The working man

Category: News - Author: Monica Amato

The working man

The beginning of human work can be traced back to the prehistoric era, when man acquired and manifested astonishing technical skills that were far greater than those of all the other animals living on our planet. At the same time, these skills were associated with particular mental and physical aptitudes, deriving from ever greater coordination between the brain, hands, eyes and speech.

Karl Marx (1818-1883), a German philosopher, economist, historian and sociologist, argued that: “work is what distinguishes man from other animals because it makes him a being capable of producing his own means of subsistence.”

It is therefore not possible to analyse the history and evolution of human civilisations without also taking into account the evolution of the many work activities carried out by man and the significance attached to them, which has also shaped the related social conditions over the years.

In all the most ancient and evolved civilisations, free men and nobles despised work, which was exclusively carried out by slaves. This was so deeply entrenched in society that the original meaning of the word, highlighted by the various etymologies, focuses on aspects with a strong negative connotation; the Latin term "labor", from which the Italian word “lavoro” [work] derives, can be translated as fatigue, effort, pain, discomfort, misfortune and associated with the process of childbirth.

The turning point for the working man can be traced back to medieval times. In addition to the unchanging presence of the serfs, the lowest class, who were tied for life to the lands of the Lord of the fief, other important figures emerged in the Middle Ages, mainly craftsmen and merchants.

With the expansion of crafting and trading activities, which belonged to the emerging middle class, a reorganisation of the work structure became necessary, and consequently also the concept of work itself changed. No longer seen exclusively as physical effort to cultivate the land, work became the acquisition of high manual skills, correlated with entrepreneurial skills and competences.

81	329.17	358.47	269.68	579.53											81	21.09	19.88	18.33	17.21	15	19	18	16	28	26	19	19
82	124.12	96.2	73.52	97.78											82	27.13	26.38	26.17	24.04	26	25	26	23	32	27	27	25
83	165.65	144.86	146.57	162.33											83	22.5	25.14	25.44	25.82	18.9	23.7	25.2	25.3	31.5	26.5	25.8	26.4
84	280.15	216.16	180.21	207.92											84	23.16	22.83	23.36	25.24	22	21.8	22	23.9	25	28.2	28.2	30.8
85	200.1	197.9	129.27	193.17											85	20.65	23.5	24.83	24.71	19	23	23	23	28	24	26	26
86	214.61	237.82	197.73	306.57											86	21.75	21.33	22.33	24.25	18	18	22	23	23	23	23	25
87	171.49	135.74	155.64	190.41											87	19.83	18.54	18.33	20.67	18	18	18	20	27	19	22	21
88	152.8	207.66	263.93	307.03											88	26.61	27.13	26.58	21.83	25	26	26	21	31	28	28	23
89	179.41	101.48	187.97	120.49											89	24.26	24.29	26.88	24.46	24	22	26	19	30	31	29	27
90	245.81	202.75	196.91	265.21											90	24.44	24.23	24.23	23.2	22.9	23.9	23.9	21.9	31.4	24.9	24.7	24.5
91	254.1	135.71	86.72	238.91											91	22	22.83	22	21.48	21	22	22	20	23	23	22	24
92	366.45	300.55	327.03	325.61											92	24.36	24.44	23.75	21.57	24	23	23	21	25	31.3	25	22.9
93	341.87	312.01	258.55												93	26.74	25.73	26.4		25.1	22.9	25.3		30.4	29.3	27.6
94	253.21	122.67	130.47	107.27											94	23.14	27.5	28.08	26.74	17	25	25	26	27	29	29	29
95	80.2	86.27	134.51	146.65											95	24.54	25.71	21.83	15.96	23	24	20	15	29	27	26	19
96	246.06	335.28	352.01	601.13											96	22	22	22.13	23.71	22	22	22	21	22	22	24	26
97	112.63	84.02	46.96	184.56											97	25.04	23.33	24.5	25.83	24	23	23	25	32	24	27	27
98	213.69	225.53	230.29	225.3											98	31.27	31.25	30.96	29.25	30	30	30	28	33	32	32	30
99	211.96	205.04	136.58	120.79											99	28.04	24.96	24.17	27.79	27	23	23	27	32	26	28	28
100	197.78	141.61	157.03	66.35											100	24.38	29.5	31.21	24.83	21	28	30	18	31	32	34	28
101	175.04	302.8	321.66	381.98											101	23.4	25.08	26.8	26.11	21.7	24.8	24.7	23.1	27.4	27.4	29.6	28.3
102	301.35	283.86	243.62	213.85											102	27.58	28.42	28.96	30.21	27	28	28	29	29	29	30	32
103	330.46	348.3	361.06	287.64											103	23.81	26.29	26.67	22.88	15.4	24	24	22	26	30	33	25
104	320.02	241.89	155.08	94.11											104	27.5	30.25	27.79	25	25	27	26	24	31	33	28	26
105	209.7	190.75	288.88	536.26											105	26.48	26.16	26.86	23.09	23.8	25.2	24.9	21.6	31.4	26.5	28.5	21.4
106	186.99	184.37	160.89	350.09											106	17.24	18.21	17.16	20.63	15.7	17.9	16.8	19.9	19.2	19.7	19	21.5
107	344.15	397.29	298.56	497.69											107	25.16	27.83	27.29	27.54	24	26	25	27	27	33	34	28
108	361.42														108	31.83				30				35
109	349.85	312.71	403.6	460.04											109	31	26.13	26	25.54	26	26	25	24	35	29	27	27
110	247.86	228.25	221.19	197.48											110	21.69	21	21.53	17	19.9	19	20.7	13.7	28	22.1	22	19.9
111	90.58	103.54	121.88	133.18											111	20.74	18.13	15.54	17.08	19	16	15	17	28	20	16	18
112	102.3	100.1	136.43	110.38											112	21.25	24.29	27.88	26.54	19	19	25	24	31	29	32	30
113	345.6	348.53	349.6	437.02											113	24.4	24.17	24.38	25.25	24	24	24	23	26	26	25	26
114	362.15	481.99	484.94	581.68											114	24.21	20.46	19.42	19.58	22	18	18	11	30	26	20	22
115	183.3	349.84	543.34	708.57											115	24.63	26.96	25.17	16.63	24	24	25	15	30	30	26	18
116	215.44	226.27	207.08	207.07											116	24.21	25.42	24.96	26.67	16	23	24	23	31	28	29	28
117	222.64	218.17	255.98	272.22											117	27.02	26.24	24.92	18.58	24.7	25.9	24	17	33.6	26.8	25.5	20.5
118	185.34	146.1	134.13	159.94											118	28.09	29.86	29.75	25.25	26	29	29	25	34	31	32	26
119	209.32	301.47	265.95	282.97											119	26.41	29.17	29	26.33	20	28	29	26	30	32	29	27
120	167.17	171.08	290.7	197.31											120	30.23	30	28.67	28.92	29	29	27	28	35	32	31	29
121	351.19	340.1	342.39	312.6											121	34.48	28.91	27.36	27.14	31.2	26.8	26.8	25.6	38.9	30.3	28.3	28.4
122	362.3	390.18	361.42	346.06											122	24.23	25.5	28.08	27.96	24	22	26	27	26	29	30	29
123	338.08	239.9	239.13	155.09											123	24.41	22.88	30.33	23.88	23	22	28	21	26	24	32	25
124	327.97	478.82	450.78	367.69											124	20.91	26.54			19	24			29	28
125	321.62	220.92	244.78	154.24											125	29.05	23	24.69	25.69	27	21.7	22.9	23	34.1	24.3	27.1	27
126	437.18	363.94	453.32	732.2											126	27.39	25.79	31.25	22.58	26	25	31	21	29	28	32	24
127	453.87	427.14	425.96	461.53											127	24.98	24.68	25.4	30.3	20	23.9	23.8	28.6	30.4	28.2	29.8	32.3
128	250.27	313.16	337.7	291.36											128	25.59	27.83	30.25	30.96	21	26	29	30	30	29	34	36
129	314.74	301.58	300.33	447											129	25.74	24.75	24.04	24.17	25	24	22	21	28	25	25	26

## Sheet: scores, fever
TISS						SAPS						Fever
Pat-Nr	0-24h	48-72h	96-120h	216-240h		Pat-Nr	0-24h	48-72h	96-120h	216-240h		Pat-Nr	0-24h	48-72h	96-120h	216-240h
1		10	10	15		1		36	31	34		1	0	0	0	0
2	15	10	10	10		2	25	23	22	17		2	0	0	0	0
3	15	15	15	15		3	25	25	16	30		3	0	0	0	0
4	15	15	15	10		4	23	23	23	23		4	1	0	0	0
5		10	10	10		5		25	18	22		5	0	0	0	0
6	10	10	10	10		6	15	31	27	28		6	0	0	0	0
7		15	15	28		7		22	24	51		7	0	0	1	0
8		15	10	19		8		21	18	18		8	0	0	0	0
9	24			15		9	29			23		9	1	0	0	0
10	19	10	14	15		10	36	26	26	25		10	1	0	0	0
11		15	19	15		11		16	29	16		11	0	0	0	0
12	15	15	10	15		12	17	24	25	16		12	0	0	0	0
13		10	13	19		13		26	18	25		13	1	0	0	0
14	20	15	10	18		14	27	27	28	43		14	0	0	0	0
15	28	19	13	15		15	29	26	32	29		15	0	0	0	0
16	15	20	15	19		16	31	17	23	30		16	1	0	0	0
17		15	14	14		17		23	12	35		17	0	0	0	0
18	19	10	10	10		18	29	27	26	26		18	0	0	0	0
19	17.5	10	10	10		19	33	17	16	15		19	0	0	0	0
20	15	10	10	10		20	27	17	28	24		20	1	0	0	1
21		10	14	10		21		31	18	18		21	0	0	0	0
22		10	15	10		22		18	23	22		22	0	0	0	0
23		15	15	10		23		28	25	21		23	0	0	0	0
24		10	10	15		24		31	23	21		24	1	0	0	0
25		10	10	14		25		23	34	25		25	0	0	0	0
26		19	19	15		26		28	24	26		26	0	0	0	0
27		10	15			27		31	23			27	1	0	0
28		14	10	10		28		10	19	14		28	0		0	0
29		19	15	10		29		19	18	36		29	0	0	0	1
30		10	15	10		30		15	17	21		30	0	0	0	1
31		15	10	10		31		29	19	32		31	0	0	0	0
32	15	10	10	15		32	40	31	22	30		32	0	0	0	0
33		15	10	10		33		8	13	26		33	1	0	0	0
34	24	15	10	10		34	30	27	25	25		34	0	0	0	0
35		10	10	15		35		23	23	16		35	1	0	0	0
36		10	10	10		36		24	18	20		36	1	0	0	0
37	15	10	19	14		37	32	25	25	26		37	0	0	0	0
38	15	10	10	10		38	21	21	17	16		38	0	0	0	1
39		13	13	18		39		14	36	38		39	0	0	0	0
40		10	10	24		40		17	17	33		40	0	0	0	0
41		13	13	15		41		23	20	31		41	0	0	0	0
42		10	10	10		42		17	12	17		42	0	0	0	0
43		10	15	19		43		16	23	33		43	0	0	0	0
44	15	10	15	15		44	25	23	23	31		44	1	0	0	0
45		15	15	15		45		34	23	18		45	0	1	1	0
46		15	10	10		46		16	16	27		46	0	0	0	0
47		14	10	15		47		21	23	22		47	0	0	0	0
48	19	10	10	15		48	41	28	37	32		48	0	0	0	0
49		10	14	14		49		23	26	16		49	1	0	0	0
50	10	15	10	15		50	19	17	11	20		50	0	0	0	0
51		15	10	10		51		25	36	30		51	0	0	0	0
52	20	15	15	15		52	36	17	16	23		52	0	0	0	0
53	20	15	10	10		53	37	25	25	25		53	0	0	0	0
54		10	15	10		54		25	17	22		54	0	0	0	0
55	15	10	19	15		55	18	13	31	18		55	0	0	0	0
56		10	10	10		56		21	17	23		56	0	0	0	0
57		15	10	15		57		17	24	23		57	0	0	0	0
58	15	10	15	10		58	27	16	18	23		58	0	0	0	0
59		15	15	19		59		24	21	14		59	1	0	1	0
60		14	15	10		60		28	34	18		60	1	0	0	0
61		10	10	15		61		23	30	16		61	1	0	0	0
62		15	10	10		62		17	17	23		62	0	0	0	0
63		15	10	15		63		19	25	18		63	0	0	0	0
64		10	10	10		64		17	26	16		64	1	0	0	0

Work, therefore, was no longer synonymous with slavery and the working man acquired his dignity as a free individual.

Some years later, between the 17th and 18th centuries, capitalism began to develop, and was characterised by the figure of the subordinate worker, i.e. an individual who, while retaining his individuality, personality and freedom, was employed by a merchant or craftsman.

Subsequently, with the Industrial Revolution, the model of the subordinate worker gradually expanded and consolidated, until it took on the specific characteristics of the "Factory Worker", that is, the salaried worker whose activities were carried in the emerging factories. This necessarily entailed working in shared physical environments and a revolution marked by differentiation in specific tasks and by the organisation of work in shifts.

Between the 19th and 20th centuries, the figure of the Salaried Subordinate Employee, i.e. the Factory Worker, acquired increasingly specific and defined traits and character, leading to an irreversible change in the concept of “work” which, to quote Prof. Vegetti, a historian of philosophy, starts to be intended as: “man's provision of a productive force which is at the same time transformative and creative; this idea of work as force and as energy is clearly linked to the style of nineteenth-century epistemology, centred on the great concepts of force and energy which dominate physics, thermodynamics, electromagnetism, and all the tractive sciences...”

In the decades that followed, the concept of work became synonymous with high levels of socialisation, thanks both to an ever-increasing number of people coming together in communal areas, and to the strong and unstoppable urbanisation process, which led to the birth and spread of residential structures next to factories, resulting in a virtual fusion of working environments and places for living outside work.

In addition, a new culture of work emerged, in which paid activity is viewed as the measure of social differentiation and the means to ensure the security of survival.

At this point, it should be clear that the organisation of work is the way in which man has always been able to keep himself alive and to advance the various civilisations, thus favouring technological development and its dissemination.

Jumping to the present day, starting from the new millennium and as a result of the globalisation of the economy, there has been a dramatic change in the organisation of labour, which led to the birth of numerous specific tasks, a plurality of actions connected to the specific and actual production activity. It is precisely in the light of this differentiation of work cycles that the discipline of “occupational health” was born, and its function and protagonists will be described in greater detail later on.

For now, suffice it to say that European legislation provides for the presence of a reference occupational physician for any work cycle. This figure is commonly referred to as the “Occupational Health Physician”, whose activity has gradually intensified and improved over the years to the point of making it necessary to computerise all the processes this figure is active in, and which I will discuss in detail in future articles.



  1.  Sartorelli E. (1981): Trattato Di Medicina Del Lavoro Ed: Piccin
  2.  Penso G. (1991): La Medicina Medioevale Ed: Ciba Geigy
  3.   Vegetti M. (1981): Ergastulum: il luogo dove si lavora. In lavoro=liberare il lavoro o liberarsi dal lavoro? supplement to no. 24 of "Il Manifesto" 24/2/1981.
  4.  Marx K. (1886): Il Capitale Ed. Feltrinelli
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